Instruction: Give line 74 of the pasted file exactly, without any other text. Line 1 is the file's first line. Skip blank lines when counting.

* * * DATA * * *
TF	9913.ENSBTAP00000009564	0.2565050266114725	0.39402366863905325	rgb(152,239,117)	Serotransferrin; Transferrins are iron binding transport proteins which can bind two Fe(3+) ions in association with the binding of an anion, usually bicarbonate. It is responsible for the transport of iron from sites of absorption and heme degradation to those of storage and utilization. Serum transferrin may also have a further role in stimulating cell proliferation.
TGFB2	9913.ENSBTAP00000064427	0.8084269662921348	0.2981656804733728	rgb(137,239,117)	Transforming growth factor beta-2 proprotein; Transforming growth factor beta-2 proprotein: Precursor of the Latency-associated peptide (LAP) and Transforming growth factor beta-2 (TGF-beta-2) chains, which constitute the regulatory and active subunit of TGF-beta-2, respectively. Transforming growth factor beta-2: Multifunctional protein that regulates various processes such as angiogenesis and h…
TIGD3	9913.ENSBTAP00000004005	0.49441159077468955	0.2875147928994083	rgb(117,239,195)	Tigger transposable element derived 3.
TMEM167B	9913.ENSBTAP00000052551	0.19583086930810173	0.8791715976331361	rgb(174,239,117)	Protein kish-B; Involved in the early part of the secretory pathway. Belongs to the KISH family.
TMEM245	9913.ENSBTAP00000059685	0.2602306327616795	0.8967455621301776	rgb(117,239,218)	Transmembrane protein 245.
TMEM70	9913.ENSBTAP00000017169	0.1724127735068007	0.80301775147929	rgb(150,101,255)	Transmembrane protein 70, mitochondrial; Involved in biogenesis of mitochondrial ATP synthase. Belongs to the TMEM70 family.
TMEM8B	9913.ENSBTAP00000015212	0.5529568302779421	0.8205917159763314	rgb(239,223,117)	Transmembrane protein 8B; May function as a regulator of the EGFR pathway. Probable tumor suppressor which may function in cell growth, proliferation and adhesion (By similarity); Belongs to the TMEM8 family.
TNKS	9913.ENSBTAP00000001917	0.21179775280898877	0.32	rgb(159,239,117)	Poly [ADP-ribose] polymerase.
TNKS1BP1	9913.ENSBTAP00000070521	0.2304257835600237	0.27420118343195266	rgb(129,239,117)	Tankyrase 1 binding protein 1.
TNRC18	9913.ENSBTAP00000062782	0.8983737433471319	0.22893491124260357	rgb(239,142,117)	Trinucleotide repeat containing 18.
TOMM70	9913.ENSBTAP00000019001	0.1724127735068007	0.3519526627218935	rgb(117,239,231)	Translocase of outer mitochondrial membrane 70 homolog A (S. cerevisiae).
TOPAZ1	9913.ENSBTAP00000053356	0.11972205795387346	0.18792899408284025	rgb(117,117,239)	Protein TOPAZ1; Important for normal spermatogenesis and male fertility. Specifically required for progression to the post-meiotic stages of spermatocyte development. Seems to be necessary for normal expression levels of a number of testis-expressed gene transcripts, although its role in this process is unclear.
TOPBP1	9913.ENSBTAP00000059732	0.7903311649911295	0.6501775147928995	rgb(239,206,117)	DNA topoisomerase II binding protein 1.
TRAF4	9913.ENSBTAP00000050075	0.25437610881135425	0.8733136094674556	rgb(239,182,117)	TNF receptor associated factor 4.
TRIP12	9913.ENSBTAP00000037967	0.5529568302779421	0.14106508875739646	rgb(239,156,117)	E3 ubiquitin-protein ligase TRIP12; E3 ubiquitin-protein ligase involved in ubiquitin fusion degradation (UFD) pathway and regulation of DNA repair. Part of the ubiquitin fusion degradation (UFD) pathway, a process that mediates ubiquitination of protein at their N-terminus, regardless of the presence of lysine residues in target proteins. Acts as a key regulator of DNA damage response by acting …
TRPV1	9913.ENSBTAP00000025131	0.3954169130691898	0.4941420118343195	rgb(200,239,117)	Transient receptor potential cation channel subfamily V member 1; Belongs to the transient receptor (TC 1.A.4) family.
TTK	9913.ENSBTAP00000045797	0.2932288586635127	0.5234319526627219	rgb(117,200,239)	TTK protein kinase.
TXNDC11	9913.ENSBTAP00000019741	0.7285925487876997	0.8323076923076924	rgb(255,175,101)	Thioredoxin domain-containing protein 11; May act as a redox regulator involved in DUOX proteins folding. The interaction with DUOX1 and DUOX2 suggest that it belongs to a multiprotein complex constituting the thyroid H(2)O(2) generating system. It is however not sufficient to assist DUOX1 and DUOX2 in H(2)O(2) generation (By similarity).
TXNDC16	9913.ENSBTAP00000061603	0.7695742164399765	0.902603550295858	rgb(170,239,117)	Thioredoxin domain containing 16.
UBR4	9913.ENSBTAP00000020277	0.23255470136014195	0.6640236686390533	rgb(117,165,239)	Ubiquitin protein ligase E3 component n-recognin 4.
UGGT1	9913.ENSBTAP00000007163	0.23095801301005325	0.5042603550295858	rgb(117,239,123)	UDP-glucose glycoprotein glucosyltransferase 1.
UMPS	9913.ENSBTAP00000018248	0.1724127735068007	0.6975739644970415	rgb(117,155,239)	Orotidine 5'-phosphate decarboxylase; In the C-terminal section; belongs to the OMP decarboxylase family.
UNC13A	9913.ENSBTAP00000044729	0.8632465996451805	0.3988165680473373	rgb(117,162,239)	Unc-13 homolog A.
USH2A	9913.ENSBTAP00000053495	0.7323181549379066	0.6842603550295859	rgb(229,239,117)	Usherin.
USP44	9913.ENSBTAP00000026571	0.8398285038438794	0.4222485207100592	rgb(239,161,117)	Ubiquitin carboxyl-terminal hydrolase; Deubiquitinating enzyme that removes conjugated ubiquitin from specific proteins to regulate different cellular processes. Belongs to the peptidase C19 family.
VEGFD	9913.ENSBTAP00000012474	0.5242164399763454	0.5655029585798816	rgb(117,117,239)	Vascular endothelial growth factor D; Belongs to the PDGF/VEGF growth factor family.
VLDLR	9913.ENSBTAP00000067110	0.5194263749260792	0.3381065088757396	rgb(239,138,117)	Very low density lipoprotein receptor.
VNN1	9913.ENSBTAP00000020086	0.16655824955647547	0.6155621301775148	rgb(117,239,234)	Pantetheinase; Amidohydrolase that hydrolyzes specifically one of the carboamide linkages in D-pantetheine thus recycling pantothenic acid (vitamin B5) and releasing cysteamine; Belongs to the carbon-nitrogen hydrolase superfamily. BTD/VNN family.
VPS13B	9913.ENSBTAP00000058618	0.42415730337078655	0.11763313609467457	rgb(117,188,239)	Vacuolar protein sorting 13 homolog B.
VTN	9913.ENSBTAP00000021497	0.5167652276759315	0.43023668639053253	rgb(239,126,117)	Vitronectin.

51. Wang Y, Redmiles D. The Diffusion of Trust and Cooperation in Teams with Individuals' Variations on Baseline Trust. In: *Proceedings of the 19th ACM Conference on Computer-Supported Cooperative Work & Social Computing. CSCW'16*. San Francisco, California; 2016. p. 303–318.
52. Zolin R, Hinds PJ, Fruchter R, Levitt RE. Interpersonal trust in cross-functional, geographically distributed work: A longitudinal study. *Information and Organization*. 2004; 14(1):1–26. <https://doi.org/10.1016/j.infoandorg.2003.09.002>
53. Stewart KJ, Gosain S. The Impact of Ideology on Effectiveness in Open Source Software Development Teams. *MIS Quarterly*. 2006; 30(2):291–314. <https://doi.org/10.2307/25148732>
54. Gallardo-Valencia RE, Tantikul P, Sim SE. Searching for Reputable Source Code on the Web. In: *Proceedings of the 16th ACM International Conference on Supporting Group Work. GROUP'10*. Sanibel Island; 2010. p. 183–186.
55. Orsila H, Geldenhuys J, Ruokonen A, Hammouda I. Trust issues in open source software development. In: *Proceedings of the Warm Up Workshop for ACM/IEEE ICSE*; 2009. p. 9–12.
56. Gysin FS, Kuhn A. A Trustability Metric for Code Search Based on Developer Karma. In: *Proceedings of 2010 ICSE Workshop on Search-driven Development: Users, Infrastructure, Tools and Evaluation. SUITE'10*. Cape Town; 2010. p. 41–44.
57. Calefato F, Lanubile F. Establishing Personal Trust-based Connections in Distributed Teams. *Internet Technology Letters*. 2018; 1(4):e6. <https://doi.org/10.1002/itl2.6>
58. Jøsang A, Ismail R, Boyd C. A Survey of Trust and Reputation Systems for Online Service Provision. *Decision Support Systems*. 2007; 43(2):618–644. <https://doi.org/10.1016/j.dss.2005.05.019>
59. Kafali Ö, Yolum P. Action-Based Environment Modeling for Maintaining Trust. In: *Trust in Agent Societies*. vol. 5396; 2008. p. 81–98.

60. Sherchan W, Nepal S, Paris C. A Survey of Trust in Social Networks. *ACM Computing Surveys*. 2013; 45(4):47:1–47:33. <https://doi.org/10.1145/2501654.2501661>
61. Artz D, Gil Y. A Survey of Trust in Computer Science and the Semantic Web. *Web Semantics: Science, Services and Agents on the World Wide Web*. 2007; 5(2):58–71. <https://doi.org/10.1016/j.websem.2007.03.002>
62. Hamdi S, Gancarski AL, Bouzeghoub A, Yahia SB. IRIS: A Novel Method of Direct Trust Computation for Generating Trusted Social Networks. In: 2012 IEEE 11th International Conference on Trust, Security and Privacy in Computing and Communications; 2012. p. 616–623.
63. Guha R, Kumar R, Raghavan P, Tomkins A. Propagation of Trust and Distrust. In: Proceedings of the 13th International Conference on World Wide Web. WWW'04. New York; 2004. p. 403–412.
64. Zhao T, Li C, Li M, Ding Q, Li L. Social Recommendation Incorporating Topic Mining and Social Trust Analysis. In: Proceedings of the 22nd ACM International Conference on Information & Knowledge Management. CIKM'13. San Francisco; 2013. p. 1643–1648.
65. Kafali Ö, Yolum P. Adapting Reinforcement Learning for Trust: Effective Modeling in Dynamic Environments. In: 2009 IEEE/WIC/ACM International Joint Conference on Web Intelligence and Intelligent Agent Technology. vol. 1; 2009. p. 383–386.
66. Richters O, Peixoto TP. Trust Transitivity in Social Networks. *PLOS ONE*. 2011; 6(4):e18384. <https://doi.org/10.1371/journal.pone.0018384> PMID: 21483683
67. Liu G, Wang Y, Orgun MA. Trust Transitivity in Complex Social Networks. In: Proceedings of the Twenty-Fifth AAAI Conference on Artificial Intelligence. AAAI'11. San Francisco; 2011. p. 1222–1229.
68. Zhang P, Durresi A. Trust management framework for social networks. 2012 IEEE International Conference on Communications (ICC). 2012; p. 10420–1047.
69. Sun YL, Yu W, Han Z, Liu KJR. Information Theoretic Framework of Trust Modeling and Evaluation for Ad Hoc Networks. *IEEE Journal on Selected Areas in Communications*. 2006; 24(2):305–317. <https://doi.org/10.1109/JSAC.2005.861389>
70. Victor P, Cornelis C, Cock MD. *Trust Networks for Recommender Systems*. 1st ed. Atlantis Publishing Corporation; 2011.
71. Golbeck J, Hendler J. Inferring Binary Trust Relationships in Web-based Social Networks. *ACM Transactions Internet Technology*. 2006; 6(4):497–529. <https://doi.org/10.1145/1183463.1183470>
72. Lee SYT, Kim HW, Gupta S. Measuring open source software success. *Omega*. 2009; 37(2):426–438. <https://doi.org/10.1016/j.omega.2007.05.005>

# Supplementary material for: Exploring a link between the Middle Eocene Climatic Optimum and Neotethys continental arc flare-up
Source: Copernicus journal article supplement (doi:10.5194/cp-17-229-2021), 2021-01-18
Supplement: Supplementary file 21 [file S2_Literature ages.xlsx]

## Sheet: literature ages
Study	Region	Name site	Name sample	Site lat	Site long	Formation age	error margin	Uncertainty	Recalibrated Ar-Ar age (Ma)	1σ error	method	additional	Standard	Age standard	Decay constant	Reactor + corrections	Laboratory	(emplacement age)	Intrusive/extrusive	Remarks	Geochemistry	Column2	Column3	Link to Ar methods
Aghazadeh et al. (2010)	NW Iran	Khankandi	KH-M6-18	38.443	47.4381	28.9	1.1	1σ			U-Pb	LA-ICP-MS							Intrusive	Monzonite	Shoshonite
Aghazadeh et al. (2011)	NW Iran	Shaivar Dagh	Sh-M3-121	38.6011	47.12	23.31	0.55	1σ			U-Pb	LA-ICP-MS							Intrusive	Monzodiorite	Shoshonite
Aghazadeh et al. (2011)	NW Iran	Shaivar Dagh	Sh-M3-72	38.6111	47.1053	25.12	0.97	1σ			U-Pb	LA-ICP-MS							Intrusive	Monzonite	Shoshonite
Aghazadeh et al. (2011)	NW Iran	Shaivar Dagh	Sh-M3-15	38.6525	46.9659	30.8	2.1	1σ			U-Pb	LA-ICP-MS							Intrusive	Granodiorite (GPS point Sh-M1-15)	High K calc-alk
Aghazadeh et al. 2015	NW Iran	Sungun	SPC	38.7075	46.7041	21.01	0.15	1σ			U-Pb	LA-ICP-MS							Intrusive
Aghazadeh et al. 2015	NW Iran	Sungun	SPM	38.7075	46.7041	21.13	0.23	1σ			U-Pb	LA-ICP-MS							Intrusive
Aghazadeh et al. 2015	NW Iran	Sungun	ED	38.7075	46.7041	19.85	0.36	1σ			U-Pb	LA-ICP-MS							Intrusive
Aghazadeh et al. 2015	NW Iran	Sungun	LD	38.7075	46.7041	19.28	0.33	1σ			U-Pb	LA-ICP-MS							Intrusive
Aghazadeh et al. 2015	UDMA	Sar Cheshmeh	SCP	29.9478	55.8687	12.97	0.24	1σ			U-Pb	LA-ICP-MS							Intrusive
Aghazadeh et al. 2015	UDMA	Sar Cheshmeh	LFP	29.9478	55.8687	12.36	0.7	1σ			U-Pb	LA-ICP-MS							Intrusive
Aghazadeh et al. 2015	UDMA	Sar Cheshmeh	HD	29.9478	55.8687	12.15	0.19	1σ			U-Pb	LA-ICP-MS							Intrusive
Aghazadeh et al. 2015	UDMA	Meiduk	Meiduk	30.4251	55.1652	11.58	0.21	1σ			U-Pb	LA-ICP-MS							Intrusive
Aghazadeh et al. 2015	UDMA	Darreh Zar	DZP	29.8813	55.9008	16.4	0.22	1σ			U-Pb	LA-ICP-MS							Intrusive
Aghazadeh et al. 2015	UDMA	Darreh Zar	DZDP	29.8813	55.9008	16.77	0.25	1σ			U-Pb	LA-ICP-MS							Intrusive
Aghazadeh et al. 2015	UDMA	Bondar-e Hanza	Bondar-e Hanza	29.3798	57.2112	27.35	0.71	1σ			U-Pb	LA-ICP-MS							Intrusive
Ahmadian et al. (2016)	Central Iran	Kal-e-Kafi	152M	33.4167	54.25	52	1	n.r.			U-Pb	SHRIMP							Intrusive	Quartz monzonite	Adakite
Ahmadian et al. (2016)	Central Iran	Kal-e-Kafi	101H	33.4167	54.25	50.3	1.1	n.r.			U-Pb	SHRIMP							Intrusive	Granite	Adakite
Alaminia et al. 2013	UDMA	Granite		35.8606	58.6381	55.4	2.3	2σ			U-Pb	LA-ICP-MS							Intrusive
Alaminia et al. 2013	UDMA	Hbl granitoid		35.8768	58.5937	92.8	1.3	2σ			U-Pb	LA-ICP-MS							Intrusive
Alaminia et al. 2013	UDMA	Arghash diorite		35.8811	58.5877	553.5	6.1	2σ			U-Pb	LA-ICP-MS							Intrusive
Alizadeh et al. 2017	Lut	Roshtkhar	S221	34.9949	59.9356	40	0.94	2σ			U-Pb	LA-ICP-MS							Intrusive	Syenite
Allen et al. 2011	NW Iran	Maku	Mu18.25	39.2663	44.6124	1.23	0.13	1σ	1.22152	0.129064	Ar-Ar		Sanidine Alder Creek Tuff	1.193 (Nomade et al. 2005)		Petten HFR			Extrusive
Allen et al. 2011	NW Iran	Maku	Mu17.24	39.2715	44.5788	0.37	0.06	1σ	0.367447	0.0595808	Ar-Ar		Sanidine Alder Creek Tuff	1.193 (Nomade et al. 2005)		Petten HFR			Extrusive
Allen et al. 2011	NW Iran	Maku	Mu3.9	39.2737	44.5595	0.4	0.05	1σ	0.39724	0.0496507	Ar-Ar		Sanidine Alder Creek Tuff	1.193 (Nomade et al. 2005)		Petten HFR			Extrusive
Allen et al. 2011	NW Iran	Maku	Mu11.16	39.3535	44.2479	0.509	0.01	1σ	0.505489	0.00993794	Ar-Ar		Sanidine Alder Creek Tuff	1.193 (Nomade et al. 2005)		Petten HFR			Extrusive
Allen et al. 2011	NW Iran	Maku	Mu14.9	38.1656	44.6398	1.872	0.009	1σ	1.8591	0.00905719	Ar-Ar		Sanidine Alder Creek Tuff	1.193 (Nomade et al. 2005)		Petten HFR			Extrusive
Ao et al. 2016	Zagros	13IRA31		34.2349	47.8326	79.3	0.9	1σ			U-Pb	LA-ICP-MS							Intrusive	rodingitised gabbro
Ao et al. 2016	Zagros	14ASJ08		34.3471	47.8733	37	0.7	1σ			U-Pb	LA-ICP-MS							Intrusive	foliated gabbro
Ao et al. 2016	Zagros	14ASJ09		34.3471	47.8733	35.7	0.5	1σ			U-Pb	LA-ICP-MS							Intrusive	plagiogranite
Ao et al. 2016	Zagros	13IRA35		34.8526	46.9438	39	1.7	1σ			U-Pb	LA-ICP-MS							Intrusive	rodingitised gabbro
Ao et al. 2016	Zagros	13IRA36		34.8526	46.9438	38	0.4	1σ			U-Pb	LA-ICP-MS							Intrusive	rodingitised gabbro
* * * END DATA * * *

Ahmadian et al. (2016)	Central Iran	Kal-e-Kafi	101H	33.4167	54.25	50.3	1.1	n.r.			U-Pb	SHRIMP							Intrusive	Granite	Adakite